Feature: New HF risk marker may gauge autonomic nervous system

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Why do some heart failure (HF) patients spiral downhill quickly while others do not? The answer may lie in how hard the autonomic nervous system is compensating to mask symptoms and measuring that stress could better triage patients to receive implantable devices.

"We know that adverse events happen to people who have heart failure. But some patients with heart failure are at a greater risk of these events and we want to be able to risk stratify them," Daniel N. Weiss, MD, director of the Jim Moran Heart and Vascular Center at Holy Cross Hospital in Fort Lauderdale, Fla., told Cardiovascular Business News.

The current paradigm for determining risk is to use standard clinical parameters such as vital signs, as well as history and medication use, but it is subjective for the most part, Weiss said. He and colleagues are developing a method that would add another metric to the clinical diagnosis that it is not subjective.

The test is a proprietary analysis of an ECG that links heart rate variability with abnormal stress to the autonomic nervous system. The technology, PD2i CA (cardiac analyzer) (Vicor Technologies) is currently in clinical trials and a report about its progress will be presented at ACC11 by Wojciech Zareba, MD, PhD, director of the Heart Research Follow-up Program at the University of Rochester Medical Center in Rochester, N.Y.

The aim of the retrospective study by Zareba and colleagues was to evaluate the ability of PD2i algorithm to predict cardiac events in the 537 chronic HF patients enrolled in the MUSIC (Merte Subita en Insufficiencia Cardiaca) trial, which is being conducted in partnership with the Catalan Institute of Cardiovascular Sciences in Barcelona, Spain.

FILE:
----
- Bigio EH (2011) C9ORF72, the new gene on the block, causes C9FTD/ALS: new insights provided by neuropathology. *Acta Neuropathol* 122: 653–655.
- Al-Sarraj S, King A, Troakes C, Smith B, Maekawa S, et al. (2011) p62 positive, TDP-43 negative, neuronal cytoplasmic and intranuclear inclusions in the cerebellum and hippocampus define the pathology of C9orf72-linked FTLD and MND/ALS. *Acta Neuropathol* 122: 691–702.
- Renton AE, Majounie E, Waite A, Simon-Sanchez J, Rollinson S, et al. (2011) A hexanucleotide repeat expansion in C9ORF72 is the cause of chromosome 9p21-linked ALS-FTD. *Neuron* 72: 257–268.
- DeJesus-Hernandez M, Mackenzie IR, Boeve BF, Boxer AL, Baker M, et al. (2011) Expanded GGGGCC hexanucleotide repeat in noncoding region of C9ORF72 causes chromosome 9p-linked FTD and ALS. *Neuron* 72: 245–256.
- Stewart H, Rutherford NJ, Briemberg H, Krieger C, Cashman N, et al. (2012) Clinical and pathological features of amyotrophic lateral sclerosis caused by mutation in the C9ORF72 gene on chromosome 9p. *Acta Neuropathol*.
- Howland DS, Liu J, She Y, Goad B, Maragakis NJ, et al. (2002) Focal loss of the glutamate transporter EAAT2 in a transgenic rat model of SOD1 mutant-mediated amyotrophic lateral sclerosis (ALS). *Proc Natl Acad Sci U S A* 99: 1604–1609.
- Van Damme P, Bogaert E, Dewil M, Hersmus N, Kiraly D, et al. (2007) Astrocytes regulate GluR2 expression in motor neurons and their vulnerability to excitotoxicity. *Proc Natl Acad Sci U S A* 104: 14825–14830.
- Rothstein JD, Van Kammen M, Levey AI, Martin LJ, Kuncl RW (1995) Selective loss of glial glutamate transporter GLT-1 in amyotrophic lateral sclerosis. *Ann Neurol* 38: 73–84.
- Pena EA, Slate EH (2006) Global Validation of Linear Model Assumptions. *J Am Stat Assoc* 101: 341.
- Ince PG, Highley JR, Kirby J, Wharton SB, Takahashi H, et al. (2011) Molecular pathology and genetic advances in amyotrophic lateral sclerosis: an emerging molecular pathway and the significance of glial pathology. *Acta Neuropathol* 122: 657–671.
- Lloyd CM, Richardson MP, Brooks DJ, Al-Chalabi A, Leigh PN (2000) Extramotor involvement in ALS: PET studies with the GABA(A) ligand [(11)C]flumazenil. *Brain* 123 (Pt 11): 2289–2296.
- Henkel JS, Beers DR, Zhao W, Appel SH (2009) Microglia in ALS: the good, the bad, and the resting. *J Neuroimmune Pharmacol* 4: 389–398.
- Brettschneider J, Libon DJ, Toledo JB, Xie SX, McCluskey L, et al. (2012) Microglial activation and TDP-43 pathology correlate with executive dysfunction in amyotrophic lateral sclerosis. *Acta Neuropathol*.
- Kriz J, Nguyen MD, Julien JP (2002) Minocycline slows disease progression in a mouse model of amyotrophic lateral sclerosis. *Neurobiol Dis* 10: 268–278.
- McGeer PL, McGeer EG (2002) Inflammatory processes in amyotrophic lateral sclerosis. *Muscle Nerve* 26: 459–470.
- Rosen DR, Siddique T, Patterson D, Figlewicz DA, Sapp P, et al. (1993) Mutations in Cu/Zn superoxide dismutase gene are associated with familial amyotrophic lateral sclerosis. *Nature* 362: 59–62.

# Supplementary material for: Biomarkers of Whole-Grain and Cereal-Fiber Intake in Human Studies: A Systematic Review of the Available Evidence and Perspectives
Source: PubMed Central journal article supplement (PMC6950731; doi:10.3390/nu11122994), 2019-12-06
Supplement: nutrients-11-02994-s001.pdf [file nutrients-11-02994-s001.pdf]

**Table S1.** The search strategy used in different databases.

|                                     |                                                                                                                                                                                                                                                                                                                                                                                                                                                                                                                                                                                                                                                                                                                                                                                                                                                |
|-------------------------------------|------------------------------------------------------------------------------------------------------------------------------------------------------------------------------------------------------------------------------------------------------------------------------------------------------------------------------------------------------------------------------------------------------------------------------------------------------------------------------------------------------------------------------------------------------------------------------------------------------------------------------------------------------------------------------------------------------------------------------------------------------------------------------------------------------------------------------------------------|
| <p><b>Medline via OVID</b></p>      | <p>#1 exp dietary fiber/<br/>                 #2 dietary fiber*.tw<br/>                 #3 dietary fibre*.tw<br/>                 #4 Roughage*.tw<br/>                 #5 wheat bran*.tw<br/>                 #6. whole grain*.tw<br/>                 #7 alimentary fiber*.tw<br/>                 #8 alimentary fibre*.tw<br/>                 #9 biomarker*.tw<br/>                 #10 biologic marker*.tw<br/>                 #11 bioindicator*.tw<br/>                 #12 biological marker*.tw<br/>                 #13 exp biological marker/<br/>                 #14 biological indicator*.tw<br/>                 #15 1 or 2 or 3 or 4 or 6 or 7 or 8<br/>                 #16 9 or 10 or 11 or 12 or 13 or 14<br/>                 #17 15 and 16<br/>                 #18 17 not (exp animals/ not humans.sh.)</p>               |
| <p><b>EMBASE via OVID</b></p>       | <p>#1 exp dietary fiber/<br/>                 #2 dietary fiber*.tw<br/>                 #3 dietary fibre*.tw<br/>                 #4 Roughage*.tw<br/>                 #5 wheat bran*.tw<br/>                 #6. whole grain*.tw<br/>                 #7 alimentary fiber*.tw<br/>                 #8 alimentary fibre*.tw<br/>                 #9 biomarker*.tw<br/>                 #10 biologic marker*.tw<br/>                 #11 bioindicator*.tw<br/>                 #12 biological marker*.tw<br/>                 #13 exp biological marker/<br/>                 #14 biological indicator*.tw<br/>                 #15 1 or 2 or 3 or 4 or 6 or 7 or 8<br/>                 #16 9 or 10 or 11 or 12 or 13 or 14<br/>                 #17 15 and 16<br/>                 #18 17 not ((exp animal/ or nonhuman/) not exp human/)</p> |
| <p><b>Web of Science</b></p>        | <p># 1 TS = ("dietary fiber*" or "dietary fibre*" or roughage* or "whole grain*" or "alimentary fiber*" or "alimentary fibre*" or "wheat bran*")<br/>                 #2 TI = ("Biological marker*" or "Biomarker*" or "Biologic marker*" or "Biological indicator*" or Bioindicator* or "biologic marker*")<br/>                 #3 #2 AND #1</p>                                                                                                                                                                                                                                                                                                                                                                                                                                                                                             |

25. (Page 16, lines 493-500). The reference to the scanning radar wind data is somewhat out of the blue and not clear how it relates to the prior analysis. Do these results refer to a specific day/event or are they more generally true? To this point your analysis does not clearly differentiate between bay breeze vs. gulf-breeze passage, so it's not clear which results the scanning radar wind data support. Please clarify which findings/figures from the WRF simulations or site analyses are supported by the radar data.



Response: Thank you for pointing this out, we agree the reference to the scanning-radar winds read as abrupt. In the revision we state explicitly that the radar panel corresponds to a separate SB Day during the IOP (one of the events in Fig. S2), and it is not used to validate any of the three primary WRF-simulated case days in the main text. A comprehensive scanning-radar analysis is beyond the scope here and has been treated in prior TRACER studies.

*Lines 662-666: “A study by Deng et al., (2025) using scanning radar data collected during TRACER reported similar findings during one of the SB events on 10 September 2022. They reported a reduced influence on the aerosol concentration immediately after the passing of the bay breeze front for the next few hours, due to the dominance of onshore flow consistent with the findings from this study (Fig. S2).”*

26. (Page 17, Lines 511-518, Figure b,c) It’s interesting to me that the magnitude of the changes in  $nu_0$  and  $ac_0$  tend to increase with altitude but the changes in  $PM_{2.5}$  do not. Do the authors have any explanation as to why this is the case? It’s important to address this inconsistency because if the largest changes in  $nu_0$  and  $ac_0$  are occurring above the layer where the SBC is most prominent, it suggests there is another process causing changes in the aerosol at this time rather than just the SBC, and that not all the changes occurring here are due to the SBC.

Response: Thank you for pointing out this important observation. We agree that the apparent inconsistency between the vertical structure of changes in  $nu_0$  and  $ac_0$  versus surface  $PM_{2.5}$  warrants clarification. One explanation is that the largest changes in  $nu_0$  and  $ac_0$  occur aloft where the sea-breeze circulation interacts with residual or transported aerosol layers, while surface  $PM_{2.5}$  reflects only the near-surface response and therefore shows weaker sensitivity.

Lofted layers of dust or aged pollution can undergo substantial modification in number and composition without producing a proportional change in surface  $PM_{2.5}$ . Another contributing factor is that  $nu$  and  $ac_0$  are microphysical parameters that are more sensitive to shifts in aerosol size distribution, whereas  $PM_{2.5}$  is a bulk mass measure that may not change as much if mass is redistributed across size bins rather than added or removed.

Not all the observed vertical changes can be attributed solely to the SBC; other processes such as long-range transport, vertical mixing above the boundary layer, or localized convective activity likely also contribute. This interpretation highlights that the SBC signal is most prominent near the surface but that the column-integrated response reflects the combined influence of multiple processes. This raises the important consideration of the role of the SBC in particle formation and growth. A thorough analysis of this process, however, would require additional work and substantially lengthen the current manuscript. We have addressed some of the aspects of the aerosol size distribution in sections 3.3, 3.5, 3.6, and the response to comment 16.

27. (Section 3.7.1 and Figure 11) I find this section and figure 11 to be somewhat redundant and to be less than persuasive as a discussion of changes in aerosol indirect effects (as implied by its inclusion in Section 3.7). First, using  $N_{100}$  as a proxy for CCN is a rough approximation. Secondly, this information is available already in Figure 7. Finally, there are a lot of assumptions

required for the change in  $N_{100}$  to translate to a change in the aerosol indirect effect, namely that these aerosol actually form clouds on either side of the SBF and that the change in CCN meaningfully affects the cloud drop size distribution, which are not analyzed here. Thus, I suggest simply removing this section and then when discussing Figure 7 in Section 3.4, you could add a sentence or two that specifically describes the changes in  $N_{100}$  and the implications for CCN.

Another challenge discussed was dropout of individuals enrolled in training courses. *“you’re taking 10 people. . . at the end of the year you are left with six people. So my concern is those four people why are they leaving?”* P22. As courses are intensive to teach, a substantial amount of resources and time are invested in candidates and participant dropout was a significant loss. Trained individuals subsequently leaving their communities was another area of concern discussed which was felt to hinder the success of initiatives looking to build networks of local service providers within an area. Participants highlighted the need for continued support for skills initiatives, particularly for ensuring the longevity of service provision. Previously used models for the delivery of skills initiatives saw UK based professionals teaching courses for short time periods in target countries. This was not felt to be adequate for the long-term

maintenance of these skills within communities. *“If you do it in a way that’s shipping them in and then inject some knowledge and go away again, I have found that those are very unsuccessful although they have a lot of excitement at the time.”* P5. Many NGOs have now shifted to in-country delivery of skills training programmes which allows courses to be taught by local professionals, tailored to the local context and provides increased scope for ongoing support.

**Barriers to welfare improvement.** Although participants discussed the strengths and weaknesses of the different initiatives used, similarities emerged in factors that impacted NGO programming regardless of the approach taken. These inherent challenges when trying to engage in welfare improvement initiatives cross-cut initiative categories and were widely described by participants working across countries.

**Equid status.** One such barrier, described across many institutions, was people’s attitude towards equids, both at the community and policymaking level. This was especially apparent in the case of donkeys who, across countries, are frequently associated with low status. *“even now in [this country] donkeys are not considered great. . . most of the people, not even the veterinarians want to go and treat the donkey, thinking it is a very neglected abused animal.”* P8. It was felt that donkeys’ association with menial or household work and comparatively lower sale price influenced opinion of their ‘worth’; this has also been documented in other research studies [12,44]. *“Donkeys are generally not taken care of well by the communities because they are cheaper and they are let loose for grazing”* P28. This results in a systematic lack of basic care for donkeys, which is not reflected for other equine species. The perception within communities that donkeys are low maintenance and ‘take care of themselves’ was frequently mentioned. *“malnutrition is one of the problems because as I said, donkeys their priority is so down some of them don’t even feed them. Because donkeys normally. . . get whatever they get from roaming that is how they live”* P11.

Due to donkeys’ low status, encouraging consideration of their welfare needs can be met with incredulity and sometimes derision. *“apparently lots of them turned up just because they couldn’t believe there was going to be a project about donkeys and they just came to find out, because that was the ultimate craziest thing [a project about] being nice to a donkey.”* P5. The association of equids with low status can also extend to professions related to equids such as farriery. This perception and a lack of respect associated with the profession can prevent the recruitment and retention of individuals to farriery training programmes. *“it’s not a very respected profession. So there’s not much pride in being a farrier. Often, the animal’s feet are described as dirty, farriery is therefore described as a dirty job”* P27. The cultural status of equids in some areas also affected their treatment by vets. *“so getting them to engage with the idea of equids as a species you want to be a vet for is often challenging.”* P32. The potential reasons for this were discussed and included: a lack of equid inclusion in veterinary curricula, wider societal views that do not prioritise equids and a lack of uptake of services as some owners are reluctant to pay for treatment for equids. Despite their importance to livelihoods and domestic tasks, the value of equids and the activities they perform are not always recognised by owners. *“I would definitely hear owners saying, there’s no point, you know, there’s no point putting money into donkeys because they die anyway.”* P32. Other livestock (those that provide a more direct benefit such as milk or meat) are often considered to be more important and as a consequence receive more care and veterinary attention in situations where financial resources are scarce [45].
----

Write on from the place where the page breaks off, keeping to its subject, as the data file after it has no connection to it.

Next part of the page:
MUSIC trial participants were followed for an average period of 44 months and researchers concluded that the novel risk marker was significantly predictive of total mortality, cardiac death and heart failure death in patients with left ventricular ejection fraction of less than or equal to 35 percent.

The results signify a better way to risk stratify HF patients who are eligible for implantable cardioverter-defibrillators (ICDs) or cardiac resynchronization therapy with defibrillator (CRT-D) devices, said Weiss, who also serves as the CMO of Vicor Technologies.

In an earlier study of 918 patients admitted to six emergency departments for chest pain and a determination of acute MI risk, the PD2i algorithm was able to risk stratify those at imminent risk of arrhythmic death with a 96 percent sensitivity (with a 99 percent negative predictive value) and 85 percent specificity (Ther Clin Risk Manag 2008;4:689–697).

The algorithm examines the interaction between the brain and the heart that is being done subconsciously—the autonomic nervous system. "If everything is functioning well, we get one pattern; if not, we get another pattern," Weiss said.

In many acute and chronic disease and trauma conditions, the body will try to compensate for the dysfunction by parceling resources to the areas of the body that are suffering. While this works very well acutely, in chronic diseases this compensation can take its toll on the body, using up valuable reserves.

"The body internally knows how sick you are and is reacting to it. We look for a pattern of heartbeats that tells us how the autonomic system is functioning," Weiss said. "While on the outside, patients may appear to be doing fine, considering they have heart failure, on the inside, their reserves are being used up quickly and they are at a greater risk of having adverse events."

The test takes about 15 minutes to administer and if positive, physicians can use this information to more aggressively treat patients or to decide it may not be time to release a patient from the hospital.

The algorithm received FDA 510(k) approval in 2009 as a means to identify the presence of diabetic autonomic neuropathy in asymptomatic patients with diabetes. Researchers also are testing the algorithm in military and civilian trauma, concussions and in elite athletes to determine optimal training regimens.

Researchers also have found that the marker can identify those admitted to the intensive care unit who are at a greater risk of dying within 30 days.